ONE POINT SAFE would have us believe that scientists at OAK RIDGE National Laboratory in Tennessee, Los Alamos NL in New Mexico, and Lawerence Livermore NL in California can determine the origin of uranium from the radiation signature and other manufacturing details. The accuracy can go as far as the specific Physics Institute in Russia which produced the materials. The exact means of production, and what would be required to support such production can be inferred from sample materials.

I need to get more info on the various types of nuclear production facilities and methods of manufacturing. This should scare the bejeezus out of my fellow subscribers :)

Theobacillus ferrooxidans is a bacteria that oxidizes metal sulfides. Essentially it eats bad dirt and rocks and leaves behind good ores and metals. It's very time consuming and inefficent to refine this way. But it allows poor-grade ores to produce high-grade uranium that would otherwise be unavailable.


ICEFIRE has NEST tasking guys from SOC, such as Navy SEALS and the such. I figure nuclear trained shooters are a good idea, but just as important are DOE scientists and analysts from the Intelligence Directorate. NEST's job is on a vast scale, and the support structure is immense, drawing on resources across the board. The consequences for a NEST failure are catastrophic. One person interviewed for ONE POINT SAFE mentioned that if a nuclear device went off in a major city, the USA would have an overnight police state that would continue indefinetely.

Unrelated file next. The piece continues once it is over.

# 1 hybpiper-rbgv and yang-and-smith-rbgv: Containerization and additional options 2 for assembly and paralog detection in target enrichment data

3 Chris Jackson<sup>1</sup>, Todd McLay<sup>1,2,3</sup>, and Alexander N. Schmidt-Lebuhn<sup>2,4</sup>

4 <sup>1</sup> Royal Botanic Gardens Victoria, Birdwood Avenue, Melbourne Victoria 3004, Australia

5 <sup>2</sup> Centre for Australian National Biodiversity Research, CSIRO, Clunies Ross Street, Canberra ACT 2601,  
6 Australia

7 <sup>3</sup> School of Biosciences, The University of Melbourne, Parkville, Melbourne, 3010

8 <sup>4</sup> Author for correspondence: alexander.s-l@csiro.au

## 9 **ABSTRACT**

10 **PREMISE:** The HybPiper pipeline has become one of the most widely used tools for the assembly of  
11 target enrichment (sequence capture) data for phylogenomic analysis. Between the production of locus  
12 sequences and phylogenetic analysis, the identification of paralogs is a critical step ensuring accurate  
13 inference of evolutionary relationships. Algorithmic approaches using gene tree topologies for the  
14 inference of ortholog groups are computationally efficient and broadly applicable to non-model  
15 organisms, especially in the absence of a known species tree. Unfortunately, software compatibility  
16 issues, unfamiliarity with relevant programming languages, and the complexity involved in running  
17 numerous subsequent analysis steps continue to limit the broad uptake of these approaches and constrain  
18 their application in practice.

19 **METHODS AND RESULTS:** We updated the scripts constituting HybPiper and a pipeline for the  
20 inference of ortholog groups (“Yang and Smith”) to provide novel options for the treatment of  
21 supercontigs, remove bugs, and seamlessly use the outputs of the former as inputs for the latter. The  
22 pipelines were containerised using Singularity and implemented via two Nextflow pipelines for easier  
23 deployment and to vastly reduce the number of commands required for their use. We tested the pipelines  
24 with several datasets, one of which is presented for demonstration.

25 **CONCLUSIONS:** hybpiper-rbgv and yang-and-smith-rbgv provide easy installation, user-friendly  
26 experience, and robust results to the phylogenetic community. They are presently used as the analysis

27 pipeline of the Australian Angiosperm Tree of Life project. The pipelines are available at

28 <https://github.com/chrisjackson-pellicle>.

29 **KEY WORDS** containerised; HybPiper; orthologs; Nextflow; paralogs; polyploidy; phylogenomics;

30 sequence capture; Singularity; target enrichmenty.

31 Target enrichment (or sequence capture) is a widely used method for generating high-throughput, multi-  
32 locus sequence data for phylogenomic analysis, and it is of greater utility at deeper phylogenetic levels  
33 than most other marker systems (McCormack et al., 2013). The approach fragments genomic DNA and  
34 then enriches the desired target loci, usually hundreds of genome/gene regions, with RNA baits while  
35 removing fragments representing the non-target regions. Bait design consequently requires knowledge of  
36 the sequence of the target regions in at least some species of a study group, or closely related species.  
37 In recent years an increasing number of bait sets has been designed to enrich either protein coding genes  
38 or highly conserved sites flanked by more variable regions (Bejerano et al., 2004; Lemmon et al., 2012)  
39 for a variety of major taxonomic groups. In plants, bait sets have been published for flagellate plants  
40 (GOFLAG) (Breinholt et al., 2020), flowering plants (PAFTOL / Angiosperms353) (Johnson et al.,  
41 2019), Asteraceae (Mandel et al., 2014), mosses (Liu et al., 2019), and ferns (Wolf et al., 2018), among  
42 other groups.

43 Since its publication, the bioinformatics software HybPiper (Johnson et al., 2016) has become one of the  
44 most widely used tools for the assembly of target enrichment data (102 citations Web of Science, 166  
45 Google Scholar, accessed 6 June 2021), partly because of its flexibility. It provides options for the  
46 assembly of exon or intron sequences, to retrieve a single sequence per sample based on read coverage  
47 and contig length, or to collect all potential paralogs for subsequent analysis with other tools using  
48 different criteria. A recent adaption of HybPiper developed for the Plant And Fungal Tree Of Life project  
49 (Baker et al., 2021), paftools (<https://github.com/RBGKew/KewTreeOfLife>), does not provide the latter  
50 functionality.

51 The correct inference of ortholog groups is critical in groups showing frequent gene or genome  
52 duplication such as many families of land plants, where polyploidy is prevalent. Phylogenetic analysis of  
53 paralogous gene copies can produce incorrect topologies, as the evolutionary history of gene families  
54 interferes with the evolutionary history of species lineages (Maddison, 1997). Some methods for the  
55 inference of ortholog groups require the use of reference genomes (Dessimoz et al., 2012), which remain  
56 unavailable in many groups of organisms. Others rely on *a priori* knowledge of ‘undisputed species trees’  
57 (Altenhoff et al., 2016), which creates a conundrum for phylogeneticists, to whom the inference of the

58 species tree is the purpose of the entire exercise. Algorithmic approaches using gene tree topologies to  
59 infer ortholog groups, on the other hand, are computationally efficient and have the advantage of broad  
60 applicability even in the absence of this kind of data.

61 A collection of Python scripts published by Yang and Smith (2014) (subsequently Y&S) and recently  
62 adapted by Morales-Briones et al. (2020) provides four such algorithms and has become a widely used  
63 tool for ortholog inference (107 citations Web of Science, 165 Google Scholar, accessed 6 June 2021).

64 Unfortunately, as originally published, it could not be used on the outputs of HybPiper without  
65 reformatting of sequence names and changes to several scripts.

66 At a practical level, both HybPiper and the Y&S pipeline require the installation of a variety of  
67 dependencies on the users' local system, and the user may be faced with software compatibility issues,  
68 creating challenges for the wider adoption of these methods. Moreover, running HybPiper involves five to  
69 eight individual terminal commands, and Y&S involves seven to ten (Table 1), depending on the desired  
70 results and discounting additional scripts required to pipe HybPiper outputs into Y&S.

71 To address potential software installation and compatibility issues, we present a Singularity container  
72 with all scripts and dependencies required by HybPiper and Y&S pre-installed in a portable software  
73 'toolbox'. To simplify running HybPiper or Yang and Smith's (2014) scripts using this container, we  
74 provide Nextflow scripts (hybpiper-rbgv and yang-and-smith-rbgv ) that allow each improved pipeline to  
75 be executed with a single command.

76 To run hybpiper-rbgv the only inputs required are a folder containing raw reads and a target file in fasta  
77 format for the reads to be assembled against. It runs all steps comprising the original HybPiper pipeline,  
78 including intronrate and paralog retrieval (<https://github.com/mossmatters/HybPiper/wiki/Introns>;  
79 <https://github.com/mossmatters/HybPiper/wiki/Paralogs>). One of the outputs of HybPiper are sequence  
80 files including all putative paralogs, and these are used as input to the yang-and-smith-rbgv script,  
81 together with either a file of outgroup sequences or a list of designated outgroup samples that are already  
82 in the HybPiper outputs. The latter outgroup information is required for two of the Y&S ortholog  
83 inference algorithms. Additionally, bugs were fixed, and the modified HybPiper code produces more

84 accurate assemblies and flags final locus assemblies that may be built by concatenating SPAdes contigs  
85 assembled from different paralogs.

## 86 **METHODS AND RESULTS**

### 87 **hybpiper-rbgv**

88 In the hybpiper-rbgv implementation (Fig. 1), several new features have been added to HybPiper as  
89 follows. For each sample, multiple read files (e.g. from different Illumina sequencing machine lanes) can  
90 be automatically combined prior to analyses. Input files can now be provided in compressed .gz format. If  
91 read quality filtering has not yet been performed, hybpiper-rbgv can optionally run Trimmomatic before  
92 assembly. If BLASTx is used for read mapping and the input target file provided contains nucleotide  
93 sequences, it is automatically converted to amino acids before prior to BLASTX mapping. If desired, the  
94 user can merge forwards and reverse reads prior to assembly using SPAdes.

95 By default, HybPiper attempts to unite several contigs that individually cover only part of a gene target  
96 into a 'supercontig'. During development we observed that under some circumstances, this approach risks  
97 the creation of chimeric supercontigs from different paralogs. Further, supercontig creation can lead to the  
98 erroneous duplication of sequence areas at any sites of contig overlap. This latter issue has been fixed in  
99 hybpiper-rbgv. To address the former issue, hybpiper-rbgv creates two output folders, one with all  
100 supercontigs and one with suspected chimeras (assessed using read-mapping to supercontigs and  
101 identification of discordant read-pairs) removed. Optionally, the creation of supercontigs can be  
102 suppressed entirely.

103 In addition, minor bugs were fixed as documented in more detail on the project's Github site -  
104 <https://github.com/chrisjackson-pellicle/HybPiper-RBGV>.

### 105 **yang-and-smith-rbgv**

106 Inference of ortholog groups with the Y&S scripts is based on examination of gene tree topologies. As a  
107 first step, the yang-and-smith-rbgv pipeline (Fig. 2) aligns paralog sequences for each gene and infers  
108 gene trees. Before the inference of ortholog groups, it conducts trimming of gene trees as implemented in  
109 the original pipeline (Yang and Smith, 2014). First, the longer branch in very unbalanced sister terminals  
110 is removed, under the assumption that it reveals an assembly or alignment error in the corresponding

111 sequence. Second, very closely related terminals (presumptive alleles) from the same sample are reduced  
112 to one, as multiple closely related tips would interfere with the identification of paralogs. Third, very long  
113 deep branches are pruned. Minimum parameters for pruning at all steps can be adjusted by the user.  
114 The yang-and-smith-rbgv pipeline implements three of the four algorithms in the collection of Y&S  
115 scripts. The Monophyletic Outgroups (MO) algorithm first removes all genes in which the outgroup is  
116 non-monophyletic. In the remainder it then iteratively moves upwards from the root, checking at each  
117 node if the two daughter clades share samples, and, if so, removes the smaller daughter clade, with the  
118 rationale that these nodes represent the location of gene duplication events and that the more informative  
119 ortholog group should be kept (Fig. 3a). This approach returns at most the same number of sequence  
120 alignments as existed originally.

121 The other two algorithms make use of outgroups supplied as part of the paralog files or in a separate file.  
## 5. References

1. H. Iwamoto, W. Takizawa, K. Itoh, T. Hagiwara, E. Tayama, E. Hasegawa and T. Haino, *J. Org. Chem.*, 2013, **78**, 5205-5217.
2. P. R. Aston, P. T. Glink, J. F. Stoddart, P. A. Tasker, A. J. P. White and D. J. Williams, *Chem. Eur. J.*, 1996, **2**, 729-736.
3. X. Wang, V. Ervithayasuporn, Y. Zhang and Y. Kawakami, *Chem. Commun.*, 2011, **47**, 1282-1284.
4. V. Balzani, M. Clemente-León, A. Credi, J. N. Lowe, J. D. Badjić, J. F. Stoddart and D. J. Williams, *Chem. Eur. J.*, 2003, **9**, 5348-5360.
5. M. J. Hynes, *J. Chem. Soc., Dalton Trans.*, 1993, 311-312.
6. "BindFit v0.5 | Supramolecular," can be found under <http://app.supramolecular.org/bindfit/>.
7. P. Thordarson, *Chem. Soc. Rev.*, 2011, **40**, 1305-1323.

It is unclear what NEST's role in a full scale nuclear exchange would be, aside from dying of severe radiation exposure, cancer, looting, collapse of civilization etc. This could be extrapolated from civil defense planning, and semi-secret FEMA plans not involving PURITY CONTROL.